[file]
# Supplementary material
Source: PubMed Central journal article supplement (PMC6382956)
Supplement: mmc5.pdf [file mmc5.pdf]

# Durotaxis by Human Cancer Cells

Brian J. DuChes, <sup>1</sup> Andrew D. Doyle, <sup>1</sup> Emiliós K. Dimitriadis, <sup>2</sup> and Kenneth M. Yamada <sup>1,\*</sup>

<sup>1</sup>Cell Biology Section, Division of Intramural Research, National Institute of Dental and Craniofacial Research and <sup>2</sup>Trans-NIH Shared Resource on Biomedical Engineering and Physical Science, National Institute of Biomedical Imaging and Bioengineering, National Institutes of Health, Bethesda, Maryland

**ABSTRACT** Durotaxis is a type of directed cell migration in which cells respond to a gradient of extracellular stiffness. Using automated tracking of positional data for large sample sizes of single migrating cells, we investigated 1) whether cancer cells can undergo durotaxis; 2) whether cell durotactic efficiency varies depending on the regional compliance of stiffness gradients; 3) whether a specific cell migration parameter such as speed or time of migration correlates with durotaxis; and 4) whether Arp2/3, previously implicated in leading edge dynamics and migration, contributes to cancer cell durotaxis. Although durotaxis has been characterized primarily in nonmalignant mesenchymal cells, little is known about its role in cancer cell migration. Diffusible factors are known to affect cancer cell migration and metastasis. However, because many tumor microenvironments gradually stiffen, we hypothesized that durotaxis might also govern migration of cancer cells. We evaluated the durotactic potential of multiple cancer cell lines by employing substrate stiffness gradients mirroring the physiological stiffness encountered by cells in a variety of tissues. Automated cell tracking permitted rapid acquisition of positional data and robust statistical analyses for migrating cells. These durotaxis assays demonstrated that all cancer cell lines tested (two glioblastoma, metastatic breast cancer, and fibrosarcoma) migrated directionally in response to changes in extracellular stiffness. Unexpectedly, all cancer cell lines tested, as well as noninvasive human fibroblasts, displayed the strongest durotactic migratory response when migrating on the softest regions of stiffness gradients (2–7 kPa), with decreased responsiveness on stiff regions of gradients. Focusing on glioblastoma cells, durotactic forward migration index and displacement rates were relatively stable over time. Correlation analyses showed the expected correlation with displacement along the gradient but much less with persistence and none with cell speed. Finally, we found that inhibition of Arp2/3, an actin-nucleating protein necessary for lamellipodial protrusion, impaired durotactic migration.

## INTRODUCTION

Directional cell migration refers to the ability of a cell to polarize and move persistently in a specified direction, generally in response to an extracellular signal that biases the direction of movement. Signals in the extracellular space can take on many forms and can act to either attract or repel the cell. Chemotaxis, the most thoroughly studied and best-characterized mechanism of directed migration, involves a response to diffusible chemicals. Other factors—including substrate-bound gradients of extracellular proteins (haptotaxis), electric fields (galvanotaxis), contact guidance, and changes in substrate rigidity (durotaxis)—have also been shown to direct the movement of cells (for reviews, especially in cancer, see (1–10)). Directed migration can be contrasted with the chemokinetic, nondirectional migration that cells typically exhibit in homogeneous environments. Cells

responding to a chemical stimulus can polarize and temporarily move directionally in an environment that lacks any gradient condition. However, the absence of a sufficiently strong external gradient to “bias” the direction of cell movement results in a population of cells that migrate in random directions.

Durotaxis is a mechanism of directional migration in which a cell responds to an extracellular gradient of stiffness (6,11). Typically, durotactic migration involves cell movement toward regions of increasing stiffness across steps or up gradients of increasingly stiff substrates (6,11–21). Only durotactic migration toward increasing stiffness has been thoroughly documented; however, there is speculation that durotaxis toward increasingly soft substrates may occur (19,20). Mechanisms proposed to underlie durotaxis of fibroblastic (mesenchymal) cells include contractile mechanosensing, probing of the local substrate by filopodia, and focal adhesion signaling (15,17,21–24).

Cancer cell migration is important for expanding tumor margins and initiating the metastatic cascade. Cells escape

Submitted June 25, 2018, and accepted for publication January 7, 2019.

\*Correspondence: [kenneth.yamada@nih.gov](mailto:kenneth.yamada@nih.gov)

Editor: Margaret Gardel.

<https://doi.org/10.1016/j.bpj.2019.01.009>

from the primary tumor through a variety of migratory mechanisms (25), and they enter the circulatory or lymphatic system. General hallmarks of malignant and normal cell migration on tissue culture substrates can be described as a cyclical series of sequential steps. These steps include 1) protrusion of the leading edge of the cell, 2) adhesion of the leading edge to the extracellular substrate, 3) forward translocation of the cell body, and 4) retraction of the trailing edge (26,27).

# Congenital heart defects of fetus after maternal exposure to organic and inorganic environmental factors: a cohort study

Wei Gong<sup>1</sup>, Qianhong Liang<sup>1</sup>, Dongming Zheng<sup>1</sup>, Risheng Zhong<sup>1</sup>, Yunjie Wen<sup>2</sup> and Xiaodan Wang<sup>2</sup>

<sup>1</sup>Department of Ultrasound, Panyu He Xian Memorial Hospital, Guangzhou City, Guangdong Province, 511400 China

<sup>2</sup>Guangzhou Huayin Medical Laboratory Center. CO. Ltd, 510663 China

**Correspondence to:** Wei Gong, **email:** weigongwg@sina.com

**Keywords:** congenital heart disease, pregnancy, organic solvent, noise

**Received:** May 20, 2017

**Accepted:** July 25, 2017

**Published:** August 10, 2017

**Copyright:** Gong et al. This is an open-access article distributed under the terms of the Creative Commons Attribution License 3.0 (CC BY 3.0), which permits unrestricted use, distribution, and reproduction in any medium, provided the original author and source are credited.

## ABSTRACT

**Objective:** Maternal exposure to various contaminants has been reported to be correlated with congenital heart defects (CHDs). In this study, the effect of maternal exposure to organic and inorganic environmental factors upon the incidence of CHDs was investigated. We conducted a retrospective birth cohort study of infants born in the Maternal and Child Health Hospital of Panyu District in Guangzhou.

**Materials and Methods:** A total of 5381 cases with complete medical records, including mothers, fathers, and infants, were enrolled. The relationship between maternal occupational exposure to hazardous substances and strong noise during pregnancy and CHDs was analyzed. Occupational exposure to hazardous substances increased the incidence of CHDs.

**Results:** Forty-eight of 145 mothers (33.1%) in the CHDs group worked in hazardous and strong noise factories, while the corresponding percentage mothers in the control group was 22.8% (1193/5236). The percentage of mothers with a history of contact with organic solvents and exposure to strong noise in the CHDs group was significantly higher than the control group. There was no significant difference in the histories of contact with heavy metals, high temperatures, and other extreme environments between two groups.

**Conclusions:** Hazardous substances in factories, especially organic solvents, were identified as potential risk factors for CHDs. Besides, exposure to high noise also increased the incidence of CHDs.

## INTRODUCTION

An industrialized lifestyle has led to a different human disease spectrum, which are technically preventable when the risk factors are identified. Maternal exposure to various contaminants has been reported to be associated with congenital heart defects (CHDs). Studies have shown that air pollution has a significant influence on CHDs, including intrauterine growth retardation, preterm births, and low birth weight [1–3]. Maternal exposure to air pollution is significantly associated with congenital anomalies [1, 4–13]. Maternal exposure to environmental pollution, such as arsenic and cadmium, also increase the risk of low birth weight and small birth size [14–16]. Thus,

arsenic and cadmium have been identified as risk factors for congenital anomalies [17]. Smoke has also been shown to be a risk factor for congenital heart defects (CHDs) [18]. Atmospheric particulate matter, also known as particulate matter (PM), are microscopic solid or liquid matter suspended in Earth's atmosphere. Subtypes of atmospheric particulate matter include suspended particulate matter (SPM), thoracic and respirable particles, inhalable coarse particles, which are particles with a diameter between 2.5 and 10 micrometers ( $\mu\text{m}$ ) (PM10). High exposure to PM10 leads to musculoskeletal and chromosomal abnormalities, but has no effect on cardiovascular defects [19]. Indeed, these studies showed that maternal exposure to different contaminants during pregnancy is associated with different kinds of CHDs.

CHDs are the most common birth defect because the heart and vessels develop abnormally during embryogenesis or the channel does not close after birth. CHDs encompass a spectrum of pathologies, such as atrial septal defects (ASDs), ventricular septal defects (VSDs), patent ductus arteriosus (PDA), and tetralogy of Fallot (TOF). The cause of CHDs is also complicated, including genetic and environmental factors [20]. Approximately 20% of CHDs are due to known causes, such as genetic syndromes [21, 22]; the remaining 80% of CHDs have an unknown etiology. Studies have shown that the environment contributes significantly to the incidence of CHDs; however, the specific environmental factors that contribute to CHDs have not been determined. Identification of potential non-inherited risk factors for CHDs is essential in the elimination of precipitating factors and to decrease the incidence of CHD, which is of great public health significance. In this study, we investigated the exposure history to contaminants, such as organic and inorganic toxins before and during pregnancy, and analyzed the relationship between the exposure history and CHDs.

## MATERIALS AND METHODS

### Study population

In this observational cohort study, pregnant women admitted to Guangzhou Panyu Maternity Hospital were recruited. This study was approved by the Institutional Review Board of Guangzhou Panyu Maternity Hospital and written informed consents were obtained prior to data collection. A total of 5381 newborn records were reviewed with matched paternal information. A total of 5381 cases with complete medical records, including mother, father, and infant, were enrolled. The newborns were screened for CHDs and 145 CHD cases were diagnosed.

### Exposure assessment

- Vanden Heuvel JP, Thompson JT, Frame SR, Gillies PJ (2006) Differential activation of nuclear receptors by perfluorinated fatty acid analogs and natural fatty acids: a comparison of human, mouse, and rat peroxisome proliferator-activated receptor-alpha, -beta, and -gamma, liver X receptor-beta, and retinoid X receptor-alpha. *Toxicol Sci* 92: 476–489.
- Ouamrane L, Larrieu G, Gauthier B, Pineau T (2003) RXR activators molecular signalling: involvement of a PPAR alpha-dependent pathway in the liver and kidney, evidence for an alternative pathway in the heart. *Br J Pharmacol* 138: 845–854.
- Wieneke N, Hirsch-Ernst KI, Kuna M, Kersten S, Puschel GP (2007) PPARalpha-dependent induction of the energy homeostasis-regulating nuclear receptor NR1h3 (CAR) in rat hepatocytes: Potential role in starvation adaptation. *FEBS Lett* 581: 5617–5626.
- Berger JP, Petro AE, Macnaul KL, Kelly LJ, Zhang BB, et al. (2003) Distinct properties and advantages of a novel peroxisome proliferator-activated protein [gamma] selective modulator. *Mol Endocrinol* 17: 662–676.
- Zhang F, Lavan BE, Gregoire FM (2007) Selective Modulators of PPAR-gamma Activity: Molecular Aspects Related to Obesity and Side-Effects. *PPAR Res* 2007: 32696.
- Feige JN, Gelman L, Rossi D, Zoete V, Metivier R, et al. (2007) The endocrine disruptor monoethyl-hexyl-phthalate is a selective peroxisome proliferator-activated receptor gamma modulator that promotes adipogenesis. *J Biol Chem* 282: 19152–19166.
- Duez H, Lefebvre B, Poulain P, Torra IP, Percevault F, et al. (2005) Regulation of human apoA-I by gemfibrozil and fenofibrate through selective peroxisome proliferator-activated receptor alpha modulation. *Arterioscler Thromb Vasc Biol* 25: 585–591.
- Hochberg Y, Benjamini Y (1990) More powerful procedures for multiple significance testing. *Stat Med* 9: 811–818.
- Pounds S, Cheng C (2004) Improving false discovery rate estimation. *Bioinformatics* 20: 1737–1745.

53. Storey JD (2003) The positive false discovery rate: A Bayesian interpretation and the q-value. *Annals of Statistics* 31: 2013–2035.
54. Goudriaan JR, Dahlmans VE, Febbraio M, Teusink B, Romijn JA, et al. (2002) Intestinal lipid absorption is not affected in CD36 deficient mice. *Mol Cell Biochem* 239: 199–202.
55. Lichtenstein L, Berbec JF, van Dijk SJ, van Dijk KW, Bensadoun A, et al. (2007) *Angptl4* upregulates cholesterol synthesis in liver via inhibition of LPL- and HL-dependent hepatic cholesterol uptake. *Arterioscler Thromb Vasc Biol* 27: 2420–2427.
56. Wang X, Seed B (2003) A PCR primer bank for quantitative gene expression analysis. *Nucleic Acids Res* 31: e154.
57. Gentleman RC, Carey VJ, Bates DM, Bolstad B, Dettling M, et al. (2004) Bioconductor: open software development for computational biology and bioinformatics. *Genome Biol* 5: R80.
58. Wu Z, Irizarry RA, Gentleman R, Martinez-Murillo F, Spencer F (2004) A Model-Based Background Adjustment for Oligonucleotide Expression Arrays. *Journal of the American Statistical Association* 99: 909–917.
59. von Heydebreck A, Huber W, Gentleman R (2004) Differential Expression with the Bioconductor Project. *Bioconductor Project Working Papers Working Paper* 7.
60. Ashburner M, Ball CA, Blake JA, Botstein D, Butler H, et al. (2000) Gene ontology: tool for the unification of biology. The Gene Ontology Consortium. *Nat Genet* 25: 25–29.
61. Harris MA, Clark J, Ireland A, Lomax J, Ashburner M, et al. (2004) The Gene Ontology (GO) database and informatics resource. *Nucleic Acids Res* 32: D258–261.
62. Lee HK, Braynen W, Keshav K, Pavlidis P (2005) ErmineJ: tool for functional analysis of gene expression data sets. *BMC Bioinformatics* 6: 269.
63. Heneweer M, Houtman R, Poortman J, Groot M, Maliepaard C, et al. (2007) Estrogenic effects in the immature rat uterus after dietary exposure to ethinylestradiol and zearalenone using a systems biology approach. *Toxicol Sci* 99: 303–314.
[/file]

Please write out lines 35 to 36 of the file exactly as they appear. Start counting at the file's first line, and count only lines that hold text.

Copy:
arsenic and cadmium have been identified as risk factors for congenital anomalies [17]. Smoke has also been shown to be a risk factor for congenital heart defects (CHDs) [18]. Atmospheric particulate matter, also known as particulate matter (PM), are microscopic solid or liquid matter suspended in Earth's atmosphere. Subtypes of atmospheric particulate matter include suspended particulate matter (SPM), thoracic and respirable particles, inhalable coarse particles, which are particles with a diameter between 2.5 and 10 micrometers ( $\mu\text{m}$ ) (PM10). High exposure to PM10 leads to musculoskeletal and chromosomal abnormalities, but has no effect on cardiovascular defects [19]. Indeed, these studies showed that maternal exposure to different contaminants during pregnancy is associated with different kinds of CHDs.

CHDs are the most common birth defect because the heart and vessels develop abnormally during embryogenesis or the channel does not close after birth. CHDs encompass a spectrum of pathologies, such as atrial septal defects (ASDs), ventricular septal defects (VSDs), patent ductus arteriosus (PDA), and tetralogy of Fallot (TOF). The cause of CHDs is also complicated, including genetic and environmental factors [20]. Approximately 20% of CHDs are due to known causes, such as genetic syndromes [21, 22]; the remaining 80% of CHDs have an unknown etiology. Studies have shown that the environment contributes significantly to the incidence of CHDs; however, the specific environmental factors that contribute to CHDs have not been determined. Identification of potential non-inherited risk factors for CHDs is essential in the elimination of precipitating factors and to decrease the incidence of CHD, which is of great public health significance. In this study, we investigated the exposure history to contaminants, such as organic and inorganic toxins before and during pregnancy, and analyzed the relationship between the exposure history and CHDs.